Underground Internet ‘newspapers’ emerge in Iran following media crackdown



 
The Iranian authorities have continued to tighten its grip on the media, jailing journalists, shutting down reformist newspapers, and filtering websites since June’s disputed presidential poll. As a result, opposition activists have increasingly turned to web-based news publications as a tool to get their message out. MENASSAT spoke with Hamid Tehrani, Iran editor at the international blog community Global Voices, about his research on the phenomenon.
 
By ALEXANDRA SANDELS
 
Iran underground internet newspapers
Breaking the barriers of silence - underground newspapers provide alternatives to the state control of media in Iran. How DO they do it?

BEIRUT, July 21, 2009 (MENASSAT) — Since the contested Iranian presidential election, a number of Internet newspapers have sprung up, providing a new communication tool for Iranians in the wake of the recent media clampdowns.

The newspapers have provided readers a rare glimpse into the divergent paths of the Iranian opposition movement – a movement that is not easily classified as somehow championing pro-western values.

At the end of June, two web-based publications began circulating their messages among Iranian readers in cyberspace. The first, Khyaboon, or “street” in Farsi, is available only by email in pdf format whereas the second, Kalam Sabz, Farsi for the ”Green Word," has its own website that readers can download pdf copies of the publication.

Hamid Tehrani, editor of the Iran section at the blog community Global Voices, says the rise of the web-based newspapers symbolizes a new way for the Iranians to get their message out amid the increasing restraints on free speech in the country.

The birth of these kinds of publications, he explains, is a direct response to the repression. “These Internet newspapers is a new phenomenon and has become a way to pass on the message. As the pressure rises, many things tend to go underground. Many journalists and photographers have been arrested lately. It’s like the democratization of repression,” Tehrani told MENASSAT in a phone interview.

The radical “street” and the soft “green word”

Khyaboon and Kalam Sabz share in common their stance against Ahmadenejad and both publications believe it was faulty of Iran’s Supreme leader Ayatollah Ali Khamenei to break longstanding but informal political protocols by declaring Ahmadinejad winner in the presidential election. Other than those two positions, Tehrani says the two publications remain strongly divided in their content and ideologies. 

As Tehrani himself puts it in a post about the underground news outlets on Global Voices, “By reading Internet newspapers we learn that the Iranian protest movement is as diverse as Iranian society and its blogosphere.”

Khyaboon, according to Tehrani, can be characterized more as a radical-left journal that grew out of the protest movement formed around the disputed election poll. In this publication we find the poems of Said Soltani, a prominent Marxist poet who was executed in the 1980's during the reign of Ayatollah Khomeini.

The paper features staunch criticism of Iran’s main opposition figure, Mir Hussein Mousavi, labeling him as “too soft” with the authorities because of what the paper believes was his inaction in the immediate aftermath of the poll results.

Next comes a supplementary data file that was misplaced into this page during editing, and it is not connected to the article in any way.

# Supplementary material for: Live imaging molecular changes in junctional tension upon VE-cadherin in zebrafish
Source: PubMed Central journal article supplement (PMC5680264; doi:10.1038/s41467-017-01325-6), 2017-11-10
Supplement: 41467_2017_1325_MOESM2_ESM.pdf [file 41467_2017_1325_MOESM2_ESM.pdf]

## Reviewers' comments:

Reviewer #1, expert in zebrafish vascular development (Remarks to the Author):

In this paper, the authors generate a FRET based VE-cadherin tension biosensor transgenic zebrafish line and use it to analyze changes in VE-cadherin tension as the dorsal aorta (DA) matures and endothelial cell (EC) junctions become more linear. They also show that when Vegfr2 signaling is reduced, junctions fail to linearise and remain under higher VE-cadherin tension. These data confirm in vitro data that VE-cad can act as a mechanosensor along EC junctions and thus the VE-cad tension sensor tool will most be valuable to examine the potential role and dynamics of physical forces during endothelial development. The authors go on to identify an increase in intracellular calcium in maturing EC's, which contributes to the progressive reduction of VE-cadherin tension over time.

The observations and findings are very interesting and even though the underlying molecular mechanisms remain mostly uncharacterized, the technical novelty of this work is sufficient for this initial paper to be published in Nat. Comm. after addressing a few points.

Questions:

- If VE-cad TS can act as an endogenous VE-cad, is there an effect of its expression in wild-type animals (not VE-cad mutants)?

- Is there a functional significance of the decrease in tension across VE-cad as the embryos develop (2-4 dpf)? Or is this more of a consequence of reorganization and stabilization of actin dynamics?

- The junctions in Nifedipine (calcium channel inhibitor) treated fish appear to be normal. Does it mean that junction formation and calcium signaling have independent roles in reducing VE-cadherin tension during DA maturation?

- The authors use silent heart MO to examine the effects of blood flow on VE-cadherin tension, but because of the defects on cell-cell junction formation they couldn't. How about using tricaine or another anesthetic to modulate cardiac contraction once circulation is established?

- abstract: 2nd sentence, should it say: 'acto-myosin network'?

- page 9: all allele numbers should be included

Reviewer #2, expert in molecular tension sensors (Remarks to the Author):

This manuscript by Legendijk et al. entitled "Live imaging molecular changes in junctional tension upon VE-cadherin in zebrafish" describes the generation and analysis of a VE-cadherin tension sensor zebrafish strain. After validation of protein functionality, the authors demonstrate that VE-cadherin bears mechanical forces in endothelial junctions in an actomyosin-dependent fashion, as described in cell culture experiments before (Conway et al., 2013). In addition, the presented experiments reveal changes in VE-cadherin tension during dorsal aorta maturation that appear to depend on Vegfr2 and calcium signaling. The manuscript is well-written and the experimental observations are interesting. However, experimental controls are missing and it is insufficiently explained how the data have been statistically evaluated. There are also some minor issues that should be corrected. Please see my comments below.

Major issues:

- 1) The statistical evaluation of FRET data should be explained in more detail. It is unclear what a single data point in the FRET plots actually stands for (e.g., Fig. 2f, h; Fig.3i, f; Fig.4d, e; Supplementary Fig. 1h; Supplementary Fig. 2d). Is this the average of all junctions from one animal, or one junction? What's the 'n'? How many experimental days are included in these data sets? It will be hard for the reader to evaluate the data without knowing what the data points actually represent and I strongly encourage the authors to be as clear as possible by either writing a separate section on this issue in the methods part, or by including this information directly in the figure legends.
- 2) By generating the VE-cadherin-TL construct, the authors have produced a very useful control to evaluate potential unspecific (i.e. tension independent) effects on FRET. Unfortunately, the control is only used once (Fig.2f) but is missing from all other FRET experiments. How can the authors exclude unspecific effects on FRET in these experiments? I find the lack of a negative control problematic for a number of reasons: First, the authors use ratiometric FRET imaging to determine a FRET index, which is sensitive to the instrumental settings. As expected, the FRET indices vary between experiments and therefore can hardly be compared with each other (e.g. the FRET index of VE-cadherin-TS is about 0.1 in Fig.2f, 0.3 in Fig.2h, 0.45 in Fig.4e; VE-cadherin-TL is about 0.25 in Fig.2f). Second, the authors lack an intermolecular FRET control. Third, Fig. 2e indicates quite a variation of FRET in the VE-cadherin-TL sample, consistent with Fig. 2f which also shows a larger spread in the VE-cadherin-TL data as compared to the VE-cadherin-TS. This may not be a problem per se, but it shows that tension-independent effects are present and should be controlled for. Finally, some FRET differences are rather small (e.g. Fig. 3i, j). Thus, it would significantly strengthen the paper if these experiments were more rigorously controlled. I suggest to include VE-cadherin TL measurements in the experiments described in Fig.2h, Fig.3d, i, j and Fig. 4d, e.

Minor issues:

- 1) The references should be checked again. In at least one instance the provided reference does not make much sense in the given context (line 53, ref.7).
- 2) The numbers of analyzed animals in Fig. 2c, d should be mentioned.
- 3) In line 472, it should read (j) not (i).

Headlines appearing in Khyaboon such as “While the blood drops from the regime's hands, Mousavi only writes a letter”, “War breaks out in the streets”, and “A campaign to defend imprisoned protesters has begun”, echo Tehrani’s description of the newspaper.

And the fact that the Khyaboon is mailed out to a by an unknown sender via an obscure list serve, gives the paper the “ultimate scent of underground”, adds Tehrani.

Kalam Sabz, or the ”Green Word”, is – yes, you guessed it- a mouthpiece of Mousavi supporters and carries more of a mainstream reformist message to its readers. In this publication, you are less likely to find revolutionary leftist poems but instead the latest statements and opinions expressed by Iran’s reformist leaders.

When Khyaboon features images depicting violent street protests in Teheran, Kalam Sabz will put up a still of Mousavi or a prominent reformist leader on its front page.

Importantly, Tehrani points out, Kalam Sabz tends to not question the Islamic republic in contrast to Khyaboon. On a number of occasions, the latter has featured cartoons directly targeting the Supreme leader of the Islamic republic.

Iran has imposed tough restraints on media workers and has over the past weeks arrested scores of journalists and bloggers. The number of media workers behind bars in Iran has dramatically increased to the extent that the Islamic republic has replaced China as the world’s worst jailer of journalists, according to a recent report issued by press freedom group Committee to Protect Journalists (CPJ).

With these statistics in mind, shouldn’t the writers and publishers of the underground newspapers be quite worried about their safety?

Tehrani points out that while there is the risk of them being “trapped” or “set up” by the authorities, he believes underground newspapers are still safer to be involved in than having a well-known blog or a website- especially if the person’s real name is mentioned.

Most of the writers in the underground newspapers, however, tend to not reveal their true identities and use pen names which increases their safety, concludes Tehrani.